Pakistan: Shift in Military-Civilian Power?
July 26th, 2010 by Jennifer
Pakistani Prime Minister Yusuf Raza Gilani
to extend the term of his military chief, Gen. Ashfaq Pervez Kayani, by three more years, in light of Pakistan’s ongoing campaign against the Taliban. The extension is the first of its kind with a civilian government in power, and has sparked concerns that the decision may undermine the authority of the parliament. Talat Masood, a retired Pakistani Army general and a military analyst, dismisses such concerns, arguing that “the extension has been given not for political reasons but for professional reasons,” and adding that Kayani has “been a supporter of democracy.” However, according to Rasul Baksh Raaes, a political analyst at the Lahore University of Management Sciences, the decision shows that “the civilian leaders have failed to establish their constitutional supremacy over the military and the military remains a very powerful institution.” According to Omar Waraichwriting
in Time, the decision represents an indication that “the civilian government is too unpopular and too weak to resist a powerful army chief’s whims” and has made Kayani “the most powerful man in the country.” Waraich explains that although Kayani has avoided overtly interfering in political affairs, he nevertheless holds enormous clout, quoting the analysis of editor-in-chief of the Friday Times Najam Sethi, who has argued that “‘when it comes to policy in regards to the U.S., Afghanistan and India, it is General Kayani who is calling the shots.’” Arguing that the U.S. will likely support the decision given the critical stage of the conflict in Afghanistan, and noting that a previous extension on military leadership in Pakistani history led to a series of dictatorships, Waraich says that “the episode repeats a familiar cycle, in which the geopolitical agendas of others inevitably put military men in power.”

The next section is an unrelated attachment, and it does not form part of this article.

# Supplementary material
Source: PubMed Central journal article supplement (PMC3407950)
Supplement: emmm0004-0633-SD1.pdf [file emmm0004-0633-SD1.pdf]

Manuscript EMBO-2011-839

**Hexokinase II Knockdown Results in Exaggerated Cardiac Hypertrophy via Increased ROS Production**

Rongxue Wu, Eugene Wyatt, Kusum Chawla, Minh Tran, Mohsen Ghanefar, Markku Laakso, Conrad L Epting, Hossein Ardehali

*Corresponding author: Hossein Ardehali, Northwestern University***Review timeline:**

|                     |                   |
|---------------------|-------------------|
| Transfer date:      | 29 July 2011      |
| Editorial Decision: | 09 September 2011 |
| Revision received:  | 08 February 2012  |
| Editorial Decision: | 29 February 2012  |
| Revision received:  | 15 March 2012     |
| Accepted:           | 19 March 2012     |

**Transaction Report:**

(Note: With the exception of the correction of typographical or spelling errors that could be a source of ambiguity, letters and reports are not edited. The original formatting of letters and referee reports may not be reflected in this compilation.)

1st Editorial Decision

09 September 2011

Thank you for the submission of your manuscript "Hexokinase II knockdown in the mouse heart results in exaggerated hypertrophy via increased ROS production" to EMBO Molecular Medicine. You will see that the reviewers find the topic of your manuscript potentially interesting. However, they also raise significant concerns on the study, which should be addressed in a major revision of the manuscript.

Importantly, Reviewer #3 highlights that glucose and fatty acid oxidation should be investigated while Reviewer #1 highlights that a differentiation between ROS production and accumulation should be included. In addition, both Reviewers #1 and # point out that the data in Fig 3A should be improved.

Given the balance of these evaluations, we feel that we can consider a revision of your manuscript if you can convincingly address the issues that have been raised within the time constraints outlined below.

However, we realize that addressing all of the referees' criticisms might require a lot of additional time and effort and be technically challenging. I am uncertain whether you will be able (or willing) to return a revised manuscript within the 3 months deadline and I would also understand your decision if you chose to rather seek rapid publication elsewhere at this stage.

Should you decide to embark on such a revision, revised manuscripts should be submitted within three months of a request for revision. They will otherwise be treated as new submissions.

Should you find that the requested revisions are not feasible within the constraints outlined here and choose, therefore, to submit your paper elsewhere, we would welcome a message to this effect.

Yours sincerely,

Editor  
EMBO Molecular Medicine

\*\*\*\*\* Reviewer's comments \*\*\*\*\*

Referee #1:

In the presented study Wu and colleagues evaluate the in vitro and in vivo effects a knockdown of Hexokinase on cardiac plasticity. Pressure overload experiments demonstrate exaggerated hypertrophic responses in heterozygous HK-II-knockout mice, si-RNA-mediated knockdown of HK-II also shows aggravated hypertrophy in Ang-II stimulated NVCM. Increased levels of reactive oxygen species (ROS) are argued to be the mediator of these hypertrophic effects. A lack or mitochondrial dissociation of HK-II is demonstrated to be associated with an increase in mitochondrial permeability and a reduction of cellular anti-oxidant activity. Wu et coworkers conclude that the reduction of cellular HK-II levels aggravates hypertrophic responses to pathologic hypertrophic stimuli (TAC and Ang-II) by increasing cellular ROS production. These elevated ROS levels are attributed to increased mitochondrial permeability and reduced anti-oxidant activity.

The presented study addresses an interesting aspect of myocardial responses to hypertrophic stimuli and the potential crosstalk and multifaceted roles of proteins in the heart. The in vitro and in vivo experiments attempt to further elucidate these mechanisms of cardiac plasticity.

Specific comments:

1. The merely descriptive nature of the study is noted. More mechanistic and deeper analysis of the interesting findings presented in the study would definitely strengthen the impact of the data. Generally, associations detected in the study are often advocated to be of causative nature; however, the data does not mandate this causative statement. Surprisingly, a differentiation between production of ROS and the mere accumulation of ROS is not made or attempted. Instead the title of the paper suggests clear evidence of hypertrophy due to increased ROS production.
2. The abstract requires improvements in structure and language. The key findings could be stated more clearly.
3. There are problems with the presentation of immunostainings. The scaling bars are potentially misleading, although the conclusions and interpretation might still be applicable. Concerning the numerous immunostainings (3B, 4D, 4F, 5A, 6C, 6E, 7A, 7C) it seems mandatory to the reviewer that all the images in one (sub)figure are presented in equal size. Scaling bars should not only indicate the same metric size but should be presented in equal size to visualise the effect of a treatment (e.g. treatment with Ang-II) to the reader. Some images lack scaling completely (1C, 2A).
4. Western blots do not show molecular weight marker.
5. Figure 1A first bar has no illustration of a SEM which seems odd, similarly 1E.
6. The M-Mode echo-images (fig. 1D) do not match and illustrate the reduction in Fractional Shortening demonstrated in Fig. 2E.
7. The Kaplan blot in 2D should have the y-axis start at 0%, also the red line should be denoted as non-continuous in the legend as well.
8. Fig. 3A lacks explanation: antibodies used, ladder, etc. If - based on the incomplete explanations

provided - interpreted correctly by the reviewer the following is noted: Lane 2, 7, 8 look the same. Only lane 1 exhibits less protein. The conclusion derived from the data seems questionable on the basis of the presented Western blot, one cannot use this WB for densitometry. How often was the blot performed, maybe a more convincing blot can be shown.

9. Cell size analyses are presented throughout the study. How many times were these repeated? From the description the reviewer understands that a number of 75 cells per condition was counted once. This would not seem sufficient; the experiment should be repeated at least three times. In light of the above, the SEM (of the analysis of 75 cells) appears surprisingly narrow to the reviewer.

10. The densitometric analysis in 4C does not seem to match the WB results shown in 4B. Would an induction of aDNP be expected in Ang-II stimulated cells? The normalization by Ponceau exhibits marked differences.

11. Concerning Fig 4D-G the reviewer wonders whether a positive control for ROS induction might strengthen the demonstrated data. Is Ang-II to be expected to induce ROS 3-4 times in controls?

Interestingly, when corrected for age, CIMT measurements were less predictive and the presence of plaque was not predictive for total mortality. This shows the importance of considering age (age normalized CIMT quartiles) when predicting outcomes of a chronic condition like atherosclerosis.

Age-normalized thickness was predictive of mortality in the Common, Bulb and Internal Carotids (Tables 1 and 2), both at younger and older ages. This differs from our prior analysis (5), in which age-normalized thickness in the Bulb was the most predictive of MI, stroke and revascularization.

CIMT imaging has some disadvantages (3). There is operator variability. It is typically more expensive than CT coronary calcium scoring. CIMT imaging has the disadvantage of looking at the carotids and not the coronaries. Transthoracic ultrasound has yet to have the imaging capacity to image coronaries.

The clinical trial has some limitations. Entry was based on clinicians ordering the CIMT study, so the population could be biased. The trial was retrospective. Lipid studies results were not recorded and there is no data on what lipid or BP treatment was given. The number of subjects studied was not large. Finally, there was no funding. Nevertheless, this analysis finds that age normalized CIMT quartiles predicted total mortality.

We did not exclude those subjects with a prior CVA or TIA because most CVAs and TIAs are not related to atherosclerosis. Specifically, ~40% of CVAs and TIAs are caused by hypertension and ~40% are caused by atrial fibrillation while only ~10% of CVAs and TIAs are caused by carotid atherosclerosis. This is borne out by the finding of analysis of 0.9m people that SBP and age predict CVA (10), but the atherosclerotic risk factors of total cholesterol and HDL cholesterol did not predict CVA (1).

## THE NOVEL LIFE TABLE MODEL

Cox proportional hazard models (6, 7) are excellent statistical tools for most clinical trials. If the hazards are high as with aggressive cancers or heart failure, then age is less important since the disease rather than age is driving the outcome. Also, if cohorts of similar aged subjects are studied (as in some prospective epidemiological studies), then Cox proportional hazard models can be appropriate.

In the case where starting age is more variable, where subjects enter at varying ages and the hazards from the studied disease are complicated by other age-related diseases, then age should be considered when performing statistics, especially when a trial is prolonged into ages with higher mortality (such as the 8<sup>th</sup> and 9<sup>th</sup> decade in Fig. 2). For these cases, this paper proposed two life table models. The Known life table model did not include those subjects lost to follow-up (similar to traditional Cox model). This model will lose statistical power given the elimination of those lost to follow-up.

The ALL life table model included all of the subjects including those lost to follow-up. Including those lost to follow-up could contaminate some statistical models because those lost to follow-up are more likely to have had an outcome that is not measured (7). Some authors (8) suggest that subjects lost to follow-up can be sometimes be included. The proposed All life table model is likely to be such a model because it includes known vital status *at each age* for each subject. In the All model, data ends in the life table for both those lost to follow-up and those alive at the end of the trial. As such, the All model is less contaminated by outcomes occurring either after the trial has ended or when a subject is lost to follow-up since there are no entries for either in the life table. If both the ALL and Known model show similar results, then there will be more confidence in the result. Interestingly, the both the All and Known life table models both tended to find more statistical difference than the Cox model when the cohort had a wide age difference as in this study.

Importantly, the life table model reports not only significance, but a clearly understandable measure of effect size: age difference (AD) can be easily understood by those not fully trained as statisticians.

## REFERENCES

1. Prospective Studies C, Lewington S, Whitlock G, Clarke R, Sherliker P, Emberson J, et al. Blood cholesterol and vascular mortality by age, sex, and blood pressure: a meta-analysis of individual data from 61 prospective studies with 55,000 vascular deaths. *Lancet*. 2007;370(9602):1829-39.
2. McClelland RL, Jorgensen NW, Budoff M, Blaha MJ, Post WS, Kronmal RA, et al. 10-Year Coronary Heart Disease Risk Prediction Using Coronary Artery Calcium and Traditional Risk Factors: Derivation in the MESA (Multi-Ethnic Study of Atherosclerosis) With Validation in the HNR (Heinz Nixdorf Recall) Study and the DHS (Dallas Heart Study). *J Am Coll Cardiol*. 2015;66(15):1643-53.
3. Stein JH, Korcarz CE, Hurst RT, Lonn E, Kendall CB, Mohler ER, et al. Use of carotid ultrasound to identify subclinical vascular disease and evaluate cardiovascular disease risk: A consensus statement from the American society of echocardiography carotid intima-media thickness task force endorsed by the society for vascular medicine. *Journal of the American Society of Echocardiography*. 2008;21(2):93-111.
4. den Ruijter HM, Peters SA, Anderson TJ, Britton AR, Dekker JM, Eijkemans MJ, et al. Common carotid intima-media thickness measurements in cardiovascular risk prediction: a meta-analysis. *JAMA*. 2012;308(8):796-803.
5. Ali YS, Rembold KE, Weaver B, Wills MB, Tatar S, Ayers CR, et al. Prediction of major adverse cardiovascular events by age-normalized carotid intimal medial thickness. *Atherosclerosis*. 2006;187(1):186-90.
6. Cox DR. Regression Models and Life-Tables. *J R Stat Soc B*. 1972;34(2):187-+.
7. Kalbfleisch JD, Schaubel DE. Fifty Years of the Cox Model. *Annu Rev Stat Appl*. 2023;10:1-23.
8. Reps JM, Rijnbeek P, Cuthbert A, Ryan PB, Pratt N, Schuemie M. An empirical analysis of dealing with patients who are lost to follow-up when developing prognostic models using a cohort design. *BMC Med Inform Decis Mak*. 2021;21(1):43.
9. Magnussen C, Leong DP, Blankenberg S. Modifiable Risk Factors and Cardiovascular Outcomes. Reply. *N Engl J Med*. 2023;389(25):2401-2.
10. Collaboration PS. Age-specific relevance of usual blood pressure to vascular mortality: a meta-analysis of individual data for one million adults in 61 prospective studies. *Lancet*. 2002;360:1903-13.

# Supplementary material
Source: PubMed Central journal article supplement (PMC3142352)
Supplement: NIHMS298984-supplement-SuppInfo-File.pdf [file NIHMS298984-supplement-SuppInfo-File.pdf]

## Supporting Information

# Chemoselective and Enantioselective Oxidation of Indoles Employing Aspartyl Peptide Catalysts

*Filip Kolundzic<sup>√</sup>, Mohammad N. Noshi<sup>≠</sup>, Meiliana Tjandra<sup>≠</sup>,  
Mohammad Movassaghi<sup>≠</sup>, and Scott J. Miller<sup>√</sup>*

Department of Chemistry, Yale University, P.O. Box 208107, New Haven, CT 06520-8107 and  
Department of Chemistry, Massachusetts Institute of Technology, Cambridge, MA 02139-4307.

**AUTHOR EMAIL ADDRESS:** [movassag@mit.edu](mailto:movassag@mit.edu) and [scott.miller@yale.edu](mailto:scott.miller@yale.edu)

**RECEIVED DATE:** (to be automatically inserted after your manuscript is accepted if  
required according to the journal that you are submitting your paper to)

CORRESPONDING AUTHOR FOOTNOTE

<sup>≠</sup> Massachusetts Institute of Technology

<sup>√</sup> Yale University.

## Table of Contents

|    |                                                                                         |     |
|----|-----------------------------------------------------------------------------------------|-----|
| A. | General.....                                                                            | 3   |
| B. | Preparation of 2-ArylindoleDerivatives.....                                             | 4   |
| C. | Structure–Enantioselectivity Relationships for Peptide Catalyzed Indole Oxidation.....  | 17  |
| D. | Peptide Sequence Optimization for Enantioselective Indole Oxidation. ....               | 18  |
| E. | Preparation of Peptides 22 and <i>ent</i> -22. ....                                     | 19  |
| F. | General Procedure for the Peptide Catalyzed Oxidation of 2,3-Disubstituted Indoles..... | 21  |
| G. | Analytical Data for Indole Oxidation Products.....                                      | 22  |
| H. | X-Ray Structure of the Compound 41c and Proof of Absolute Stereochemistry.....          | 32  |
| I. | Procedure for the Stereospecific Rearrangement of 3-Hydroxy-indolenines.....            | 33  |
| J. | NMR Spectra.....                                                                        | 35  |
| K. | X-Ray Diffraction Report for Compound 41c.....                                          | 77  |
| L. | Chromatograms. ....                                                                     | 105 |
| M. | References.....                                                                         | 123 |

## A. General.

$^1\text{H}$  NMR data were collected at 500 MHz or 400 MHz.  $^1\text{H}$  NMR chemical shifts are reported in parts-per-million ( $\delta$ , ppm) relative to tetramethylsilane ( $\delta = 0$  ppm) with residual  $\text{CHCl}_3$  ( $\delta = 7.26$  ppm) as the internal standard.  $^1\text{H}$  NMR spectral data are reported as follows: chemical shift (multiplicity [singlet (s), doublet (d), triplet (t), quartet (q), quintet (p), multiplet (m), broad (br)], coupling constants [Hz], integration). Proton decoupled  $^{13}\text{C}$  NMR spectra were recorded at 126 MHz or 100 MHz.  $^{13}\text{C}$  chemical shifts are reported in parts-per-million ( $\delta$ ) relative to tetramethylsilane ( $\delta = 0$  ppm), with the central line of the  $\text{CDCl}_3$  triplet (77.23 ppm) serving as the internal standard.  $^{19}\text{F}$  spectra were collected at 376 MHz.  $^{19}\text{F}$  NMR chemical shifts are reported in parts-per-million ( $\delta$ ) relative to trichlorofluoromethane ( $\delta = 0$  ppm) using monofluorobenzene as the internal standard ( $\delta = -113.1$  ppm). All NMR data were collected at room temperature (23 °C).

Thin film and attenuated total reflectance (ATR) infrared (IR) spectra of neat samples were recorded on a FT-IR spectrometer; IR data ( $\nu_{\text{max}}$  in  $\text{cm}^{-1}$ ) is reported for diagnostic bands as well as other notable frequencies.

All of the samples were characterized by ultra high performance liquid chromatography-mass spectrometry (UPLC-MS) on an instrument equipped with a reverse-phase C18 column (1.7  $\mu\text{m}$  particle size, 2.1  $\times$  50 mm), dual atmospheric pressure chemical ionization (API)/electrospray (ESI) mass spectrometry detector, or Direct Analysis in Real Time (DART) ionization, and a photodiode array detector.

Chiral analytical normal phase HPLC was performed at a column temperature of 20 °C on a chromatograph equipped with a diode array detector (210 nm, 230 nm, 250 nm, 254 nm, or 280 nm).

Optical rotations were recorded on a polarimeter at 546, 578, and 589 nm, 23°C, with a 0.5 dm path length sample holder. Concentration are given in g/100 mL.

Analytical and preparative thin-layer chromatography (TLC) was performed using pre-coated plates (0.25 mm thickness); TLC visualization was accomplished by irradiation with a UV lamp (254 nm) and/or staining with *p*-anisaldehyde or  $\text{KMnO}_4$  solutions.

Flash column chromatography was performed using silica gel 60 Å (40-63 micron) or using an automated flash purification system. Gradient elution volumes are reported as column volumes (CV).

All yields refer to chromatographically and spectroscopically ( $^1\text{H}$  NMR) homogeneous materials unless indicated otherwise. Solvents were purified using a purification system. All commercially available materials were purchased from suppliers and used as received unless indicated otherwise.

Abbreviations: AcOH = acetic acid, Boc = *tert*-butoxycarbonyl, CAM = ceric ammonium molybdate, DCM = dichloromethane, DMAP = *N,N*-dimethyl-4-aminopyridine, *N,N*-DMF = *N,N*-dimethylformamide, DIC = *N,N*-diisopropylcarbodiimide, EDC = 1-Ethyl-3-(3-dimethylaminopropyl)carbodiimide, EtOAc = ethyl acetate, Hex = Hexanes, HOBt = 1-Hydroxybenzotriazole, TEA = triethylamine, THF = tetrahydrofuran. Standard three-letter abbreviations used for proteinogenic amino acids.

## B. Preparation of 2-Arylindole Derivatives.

Pakistan: Is Democracy Possible?
June 29th, 2010 by Farid